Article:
27 Nov 2014
Time for more creative pricing?
When we hear wholesale oil prices have gone down we feel outraged that our own fuel prices have stayed the same or reduced only slightly. But the cost of petrol is nothing compared to the cost of champagne or perfume. A vintage Dom Perignon goes for around £150 a 75cl bottle while a classy scent can cost £1,000 a litre. Both are beaten by printer ink – a typical HP cartridge costing £13 contains a measly 4ml of ink — the equivalent of more than £3,000 a litre.
We tend to think that price is inextricably related to cost; the cost of raw materials, production or transport. But the price of most products bears little relation to the cost of components. Petrol is a commodity, whose component costs, crude oil, refining and transport are dwarfed by tax.
A perfume costs pennies, but high price is part of the attraction. Expensive equals desirable. A classy perfume tells other people what you are worth. ‘Because you’re worth it’ is more than a catchphrase.
As long as everyone is making money, there’s no reason to change so everyone prices the same way. Sometimes when it is no longer possible to make money in a supply chain because margin is accumulating at a choke point suppliers are forced to find a new route to market that bypasses the choke point or takes out a link in the chain.
Gillette gave away its razor and made money on the blades. Computer printer makers ‘sell’ a printer for £30 and charge us £13 a time to ‘fill’ it with ink.
Ryanair shattered the cosy arrangement whereby everyone sold flights at fixed prices. Then they changed price by the minute according to supply and demand. Now they have become the main short haul carrier they are reintroducing booked seats and other historic pricing conventions.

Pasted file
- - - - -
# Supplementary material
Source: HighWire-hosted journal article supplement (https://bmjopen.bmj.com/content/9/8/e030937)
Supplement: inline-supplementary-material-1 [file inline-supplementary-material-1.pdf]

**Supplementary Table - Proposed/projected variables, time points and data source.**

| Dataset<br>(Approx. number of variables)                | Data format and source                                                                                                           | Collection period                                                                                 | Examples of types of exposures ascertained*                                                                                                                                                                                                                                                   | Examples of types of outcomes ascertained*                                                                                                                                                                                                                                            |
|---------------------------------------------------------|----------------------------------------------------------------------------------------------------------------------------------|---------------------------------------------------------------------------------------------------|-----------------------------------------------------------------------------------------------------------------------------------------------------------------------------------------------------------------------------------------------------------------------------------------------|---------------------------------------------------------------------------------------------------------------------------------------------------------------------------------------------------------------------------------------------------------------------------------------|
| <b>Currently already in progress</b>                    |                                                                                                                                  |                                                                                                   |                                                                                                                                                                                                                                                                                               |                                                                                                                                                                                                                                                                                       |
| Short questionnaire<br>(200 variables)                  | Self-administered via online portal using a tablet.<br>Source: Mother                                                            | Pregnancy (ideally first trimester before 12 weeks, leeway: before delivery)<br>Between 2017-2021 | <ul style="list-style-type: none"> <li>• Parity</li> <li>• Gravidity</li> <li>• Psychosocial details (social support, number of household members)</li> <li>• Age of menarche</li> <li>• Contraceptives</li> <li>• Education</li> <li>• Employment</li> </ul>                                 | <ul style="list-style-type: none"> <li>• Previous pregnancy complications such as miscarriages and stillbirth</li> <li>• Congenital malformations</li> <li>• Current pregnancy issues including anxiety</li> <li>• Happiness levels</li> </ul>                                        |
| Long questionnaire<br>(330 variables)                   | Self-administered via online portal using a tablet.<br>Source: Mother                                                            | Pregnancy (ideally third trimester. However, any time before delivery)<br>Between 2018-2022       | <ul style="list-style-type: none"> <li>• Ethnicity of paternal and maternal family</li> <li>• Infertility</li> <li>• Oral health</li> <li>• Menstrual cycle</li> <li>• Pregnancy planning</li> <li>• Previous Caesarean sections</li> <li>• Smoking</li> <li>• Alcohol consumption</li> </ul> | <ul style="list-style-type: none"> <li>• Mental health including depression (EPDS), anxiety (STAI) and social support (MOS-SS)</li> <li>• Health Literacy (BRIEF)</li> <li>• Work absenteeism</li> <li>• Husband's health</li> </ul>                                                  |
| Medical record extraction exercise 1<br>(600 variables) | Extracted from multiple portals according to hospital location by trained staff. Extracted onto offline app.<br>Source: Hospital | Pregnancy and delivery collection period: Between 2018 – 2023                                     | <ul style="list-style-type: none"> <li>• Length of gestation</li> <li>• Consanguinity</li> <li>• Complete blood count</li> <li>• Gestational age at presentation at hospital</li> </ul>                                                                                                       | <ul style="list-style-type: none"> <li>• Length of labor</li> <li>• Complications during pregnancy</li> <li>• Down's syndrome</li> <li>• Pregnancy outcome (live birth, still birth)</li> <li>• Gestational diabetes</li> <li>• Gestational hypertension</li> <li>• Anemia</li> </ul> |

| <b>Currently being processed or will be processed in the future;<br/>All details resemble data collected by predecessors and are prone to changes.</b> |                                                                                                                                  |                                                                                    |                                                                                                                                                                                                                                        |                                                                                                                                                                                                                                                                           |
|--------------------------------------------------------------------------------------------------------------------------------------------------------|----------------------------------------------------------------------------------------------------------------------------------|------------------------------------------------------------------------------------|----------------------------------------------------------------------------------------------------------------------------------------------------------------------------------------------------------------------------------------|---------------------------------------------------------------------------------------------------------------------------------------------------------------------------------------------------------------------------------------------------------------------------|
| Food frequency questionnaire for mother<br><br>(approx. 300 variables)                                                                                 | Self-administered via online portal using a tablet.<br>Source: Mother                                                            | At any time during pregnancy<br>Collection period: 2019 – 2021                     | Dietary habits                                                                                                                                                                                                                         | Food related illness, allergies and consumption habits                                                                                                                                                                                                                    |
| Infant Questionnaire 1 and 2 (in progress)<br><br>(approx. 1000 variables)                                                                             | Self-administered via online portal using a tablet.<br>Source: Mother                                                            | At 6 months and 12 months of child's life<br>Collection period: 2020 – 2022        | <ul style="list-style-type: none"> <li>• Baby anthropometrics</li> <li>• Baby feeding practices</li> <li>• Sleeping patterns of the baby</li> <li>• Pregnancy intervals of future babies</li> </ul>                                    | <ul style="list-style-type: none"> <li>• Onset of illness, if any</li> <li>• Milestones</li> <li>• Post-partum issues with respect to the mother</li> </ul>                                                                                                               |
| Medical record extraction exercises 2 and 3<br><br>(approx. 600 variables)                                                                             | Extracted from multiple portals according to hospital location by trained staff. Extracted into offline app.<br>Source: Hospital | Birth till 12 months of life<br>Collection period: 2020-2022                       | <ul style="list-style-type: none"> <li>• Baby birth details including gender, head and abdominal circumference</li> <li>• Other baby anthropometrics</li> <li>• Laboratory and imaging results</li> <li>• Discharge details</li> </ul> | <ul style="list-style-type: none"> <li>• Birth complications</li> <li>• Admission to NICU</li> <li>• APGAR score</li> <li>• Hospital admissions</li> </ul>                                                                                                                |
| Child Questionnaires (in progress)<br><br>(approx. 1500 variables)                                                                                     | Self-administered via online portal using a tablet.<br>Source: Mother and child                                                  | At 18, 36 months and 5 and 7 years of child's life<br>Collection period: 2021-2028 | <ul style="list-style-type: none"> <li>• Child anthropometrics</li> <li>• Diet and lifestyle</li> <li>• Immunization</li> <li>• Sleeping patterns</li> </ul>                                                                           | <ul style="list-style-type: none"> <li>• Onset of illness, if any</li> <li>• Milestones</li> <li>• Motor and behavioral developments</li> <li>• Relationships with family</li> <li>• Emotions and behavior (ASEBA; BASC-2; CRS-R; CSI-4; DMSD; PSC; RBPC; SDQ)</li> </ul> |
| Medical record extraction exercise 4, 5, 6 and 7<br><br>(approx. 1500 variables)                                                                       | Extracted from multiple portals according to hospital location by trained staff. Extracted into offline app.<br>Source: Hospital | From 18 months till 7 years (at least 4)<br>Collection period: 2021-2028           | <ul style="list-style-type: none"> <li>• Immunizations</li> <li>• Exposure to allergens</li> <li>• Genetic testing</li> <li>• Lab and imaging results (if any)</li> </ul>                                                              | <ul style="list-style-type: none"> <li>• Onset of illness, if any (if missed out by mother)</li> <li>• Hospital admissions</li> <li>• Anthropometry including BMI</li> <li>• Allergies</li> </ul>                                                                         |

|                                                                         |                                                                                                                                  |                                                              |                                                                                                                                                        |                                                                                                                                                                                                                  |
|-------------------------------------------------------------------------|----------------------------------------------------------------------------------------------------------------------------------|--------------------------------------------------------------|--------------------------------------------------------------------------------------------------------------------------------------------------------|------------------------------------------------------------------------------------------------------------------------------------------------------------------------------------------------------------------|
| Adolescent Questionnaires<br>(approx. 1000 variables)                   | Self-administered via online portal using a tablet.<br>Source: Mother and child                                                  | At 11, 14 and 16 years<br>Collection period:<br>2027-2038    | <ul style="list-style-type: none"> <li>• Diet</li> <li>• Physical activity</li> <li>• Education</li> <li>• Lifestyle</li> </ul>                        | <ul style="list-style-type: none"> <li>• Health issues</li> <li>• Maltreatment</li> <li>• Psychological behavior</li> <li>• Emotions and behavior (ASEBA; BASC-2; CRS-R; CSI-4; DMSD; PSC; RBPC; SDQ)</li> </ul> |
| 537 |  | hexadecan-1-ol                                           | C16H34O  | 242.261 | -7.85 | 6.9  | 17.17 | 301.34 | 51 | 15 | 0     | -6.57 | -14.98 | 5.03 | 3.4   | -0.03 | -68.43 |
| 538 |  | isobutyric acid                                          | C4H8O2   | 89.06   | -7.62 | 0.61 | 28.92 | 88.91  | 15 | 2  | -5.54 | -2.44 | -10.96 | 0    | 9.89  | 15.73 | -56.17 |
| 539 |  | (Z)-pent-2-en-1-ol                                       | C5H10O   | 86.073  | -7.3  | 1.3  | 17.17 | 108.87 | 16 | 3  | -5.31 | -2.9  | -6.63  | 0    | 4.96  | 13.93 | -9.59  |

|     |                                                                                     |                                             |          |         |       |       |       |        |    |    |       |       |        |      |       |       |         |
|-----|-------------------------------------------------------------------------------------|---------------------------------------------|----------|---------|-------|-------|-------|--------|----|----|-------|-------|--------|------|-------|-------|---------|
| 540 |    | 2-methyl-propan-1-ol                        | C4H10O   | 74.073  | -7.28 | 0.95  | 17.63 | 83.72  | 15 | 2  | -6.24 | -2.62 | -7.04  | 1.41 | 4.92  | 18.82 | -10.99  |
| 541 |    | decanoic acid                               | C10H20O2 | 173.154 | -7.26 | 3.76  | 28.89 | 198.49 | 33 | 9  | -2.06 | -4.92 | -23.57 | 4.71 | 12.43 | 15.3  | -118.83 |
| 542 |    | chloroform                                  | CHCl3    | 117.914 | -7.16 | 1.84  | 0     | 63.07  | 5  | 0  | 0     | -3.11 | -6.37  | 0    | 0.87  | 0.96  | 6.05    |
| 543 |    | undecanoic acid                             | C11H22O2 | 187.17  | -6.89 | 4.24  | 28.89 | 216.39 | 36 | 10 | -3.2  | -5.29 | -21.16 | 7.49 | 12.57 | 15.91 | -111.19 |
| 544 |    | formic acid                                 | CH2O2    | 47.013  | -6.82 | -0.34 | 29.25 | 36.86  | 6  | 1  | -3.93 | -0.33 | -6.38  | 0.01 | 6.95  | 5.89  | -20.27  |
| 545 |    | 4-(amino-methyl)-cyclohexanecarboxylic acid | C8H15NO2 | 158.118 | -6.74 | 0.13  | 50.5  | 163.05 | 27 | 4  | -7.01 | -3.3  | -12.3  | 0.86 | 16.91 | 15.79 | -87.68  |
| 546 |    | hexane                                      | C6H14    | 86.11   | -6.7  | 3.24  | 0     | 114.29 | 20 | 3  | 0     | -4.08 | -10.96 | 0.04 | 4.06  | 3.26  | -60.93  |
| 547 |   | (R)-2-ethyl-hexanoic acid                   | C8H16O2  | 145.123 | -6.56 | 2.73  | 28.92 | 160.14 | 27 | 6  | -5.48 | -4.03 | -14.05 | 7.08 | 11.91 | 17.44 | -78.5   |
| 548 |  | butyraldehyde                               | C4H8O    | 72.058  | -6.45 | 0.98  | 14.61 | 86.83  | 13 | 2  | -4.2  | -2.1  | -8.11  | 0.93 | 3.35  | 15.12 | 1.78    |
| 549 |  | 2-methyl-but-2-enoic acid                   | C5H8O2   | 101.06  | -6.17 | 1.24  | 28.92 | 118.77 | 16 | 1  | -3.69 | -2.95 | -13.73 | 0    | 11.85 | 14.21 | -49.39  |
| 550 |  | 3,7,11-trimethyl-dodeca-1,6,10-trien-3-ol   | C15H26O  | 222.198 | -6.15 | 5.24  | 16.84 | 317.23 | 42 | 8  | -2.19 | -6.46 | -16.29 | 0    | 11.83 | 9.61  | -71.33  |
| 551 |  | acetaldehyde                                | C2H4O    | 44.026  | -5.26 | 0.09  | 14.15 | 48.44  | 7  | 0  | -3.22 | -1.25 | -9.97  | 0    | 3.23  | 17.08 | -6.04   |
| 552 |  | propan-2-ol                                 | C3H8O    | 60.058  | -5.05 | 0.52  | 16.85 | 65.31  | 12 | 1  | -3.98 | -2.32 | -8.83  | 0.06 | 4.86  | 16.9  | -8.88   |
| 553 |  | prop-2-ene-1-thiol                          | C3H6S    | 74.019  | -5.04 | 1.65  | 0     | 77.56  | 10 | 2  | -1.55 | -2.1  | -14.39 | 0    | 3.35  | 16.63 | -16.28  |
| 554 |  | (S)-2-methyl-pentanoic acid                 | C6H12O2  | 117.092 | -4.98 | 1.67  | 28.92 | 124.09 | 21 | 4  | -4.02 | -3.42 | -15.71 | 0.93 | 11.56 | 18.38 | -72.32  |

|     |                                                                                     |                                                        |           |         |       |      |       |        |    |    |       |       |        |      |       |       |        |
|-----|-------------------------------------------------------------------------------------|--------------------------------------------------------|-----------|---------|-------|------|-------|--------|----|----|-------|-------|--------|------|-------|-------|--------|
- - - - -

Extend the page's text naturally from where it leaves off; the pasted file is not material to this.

Sikkens took another tack launching paint five times the price of market leader Dulux. It marketed the result or the solution, not the paint and sold long life protection with planned maintenance and guarantees to hard-nosed Local Authorities and large commercial property owners. They paid far more for a similar product. A different way of thinking, not a better product boosted its sales. Now Dulux is part of Sikkens’ owner AkzoNobel.
Coca-Cola experimented, changing the price of Coke by the ambient temperature. The hotter it got the more expensive their cool drinks.
Clever marketing promotes more than product and price. Too many building materials are priced as commodities not solutions. But because building materials have always been priced a certain way does not mean they always will. Builders are changing more rapidly than they’ve ever done. Is your pricing in a cul-de-sac? Disruptive pricing can turn a market on its head. And too tight margins are usually the trigger that gets people thinking.
Does your pricing incentivise the behaviour and change you want? If not, think about changing your pricing, not just your prices.
For strategic thinking and creative ideas contact Lucia Di Stazio at MRA Marketing on 01453 521621 or firstname.lastname@example.org.
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